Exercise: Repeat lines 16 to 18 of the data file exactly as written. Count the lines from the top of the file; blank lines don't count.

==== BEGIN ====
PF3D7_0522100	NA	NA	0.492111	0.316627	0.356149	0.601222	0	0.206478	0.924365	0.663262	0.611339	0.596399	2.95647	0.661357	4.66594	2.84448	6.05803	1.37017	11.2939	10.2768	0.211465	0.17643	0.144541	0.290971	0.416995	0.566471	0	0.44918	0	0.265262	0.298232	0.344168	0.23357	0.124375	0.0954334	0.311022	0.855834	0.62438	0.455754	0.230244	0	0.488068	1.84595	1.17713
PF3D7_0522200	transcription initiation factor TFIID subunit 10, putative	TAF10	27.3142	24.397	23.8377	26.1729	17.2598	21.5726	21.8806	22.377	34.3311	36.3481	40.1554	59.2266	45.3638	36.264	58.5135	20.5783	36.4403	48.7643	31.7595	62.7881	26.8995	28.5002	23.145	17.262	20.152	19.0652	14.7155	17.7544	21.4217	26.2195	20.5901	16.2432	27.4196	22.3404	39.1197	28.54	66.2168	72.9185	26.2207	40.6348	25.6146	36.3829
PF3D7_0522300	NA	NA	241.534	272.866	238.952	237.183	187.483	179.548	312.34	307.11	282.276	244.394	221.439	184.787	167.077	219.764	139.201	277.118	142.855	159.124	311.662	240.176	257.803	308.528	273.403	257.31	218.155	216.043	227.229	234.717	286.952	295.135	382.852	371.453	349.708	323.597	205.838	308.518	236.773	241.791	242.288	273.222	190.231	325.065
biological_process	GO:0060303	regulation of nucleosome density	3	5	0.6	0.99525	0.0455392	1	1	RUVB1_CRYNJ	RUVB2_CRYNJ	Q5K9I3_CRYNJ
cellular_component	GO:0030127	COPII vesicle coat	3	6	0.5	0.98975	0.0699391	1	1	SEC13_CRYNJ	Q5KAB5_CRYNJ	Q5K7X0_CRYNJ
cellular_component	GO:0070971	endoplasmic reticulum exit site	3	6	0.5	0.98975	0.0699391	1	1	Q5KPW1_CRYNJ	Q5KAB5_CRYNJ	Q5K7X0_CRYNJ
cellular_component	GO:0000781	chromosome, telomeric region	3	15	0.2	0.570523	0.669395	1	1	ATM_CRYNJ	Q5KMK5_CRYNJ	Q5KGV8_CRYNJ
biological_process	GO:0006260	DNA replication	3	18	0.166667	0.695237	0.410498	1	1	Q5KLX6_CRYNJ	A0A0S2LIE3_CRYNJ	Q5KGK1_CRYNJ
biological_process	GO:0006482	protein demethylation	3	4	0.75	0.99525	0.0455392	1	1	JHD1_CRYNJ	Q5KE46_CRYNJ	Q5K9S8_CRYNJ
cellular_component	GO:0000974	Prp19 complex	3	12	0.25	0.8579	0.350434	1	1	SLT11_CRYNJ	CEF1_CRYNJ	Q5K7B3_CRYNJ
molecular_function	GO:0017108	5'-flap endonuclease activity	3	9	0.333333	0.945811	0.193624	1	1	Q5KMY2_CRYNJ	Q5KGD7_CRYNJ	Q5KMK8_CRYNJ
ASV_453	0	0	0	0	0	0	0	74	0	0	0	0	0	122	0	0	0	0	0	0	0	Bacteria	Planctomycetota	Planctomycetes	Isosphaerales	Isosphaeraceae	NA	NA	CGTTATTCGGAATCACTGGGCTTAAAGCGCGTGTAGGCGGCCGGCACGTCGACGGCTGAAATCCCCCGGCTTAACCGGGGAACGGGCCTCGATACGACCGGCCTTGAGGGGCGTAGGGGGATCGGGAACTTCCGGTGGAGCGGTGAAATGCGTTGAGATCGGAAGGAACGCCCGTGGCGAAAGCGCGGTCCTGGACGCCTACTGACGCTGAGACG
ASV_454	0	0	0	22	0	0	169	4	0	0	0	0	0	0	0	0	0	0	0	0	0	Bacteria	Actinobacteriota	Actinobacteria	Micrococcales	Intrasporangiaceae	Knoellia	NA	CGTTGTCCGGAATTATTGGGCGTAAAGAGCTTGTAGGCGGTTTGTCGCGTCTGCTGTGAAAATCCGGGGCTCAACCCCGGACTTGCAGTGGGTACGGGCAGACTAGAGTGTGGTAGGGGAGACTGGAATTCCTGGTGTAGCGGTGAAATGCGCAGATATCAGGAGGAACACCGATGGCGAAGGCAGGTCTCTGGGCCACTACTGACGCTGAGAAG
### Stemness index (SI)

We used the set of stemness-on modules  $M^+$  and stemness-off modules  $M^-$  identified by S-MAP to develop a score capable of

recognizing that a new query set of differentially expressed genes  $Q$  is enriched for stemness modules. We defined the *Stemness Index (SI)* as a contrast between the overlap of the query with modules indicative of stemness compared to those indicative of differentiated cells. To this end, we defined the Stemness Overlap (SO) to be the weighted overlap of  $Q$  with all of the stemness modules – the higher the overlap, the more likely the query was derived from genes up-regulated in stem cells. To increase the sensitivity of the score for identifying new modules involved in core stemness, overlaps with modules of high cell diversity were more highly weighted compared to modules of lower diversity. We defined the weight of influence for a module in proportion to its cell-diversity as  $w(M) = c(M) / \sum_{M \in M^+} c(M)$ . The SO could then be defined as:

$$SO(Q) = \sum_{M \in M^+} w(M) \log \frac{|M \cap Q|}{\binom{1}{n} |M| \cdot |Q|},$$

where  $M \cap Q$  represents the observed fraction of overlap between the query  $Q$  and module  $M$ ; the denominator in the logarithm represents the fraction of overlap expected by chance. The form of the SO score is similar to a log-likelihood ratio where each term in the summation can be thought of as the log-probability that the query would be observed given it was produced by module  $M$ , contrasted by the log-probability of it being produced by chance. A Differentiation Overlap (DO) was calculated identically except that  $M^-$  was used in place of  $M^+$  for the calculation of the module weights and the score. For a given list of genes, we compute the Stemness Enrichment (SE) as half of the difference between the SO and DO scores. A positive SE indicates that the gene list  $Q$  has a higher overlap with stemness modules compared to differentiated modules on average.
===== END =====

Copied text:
recognizing that a new query set of differentially expressed genes  $Q$  is enriched for stemness modules. We defined the *Stemness Index (SI)* as a contrast between the overlap of the query with modules indicative of stemness compared to those indicative of differentiated cells. To this end, we defined the Stemness Overlap (SO) to be the weighted overlap of  $Q$  with all of the stemness modules – the higher the overlap, the more likely the query was derived from genes up-regulated in stem cells. To increase the sensitivity of the score for identifying new modules involved in core stemness, overlaps with modules of high cell diversity were more highly weighted compared to modules of lower diversity. We defined the weight of influence for a module in proportion to its cell-diversity as  $w(M) = c(M) / \sum_{M \in M^+} c(M)$ . The SO could then be defined as:

$$SO(Q) = \sum_{M \in M^+} w(M) \log \frac{|M \cap Q|}{\binom{1}{n} |M| \cdot |Q|},$$

where  $M \cap Q$  represents the observed fraction of overlap between the query  $Q$  and module  $M$ ; the denominator in the logarithm represents the fraction of overlap expected by chance. The form of the SO score is similar to a log-likelihood ratio where each term in the summation can be thought of as the log-probability that the query would be observed given it was produced by module  $M$ , contrasted by the log-probability of it being produced by chance. A Differentiation Overlap (DO) was calculated identically except that  $M^-$  was used in place of  $M^+$  for the calculation of the module weights and the score. For a given list of genes, we compute the Stemness Enrichment (SE) as half of the difference between the SO and DO scores. A positive SE indicates that the gene list  $Q$  has a higher overlap with stemness modules compared to differentiated modules on average.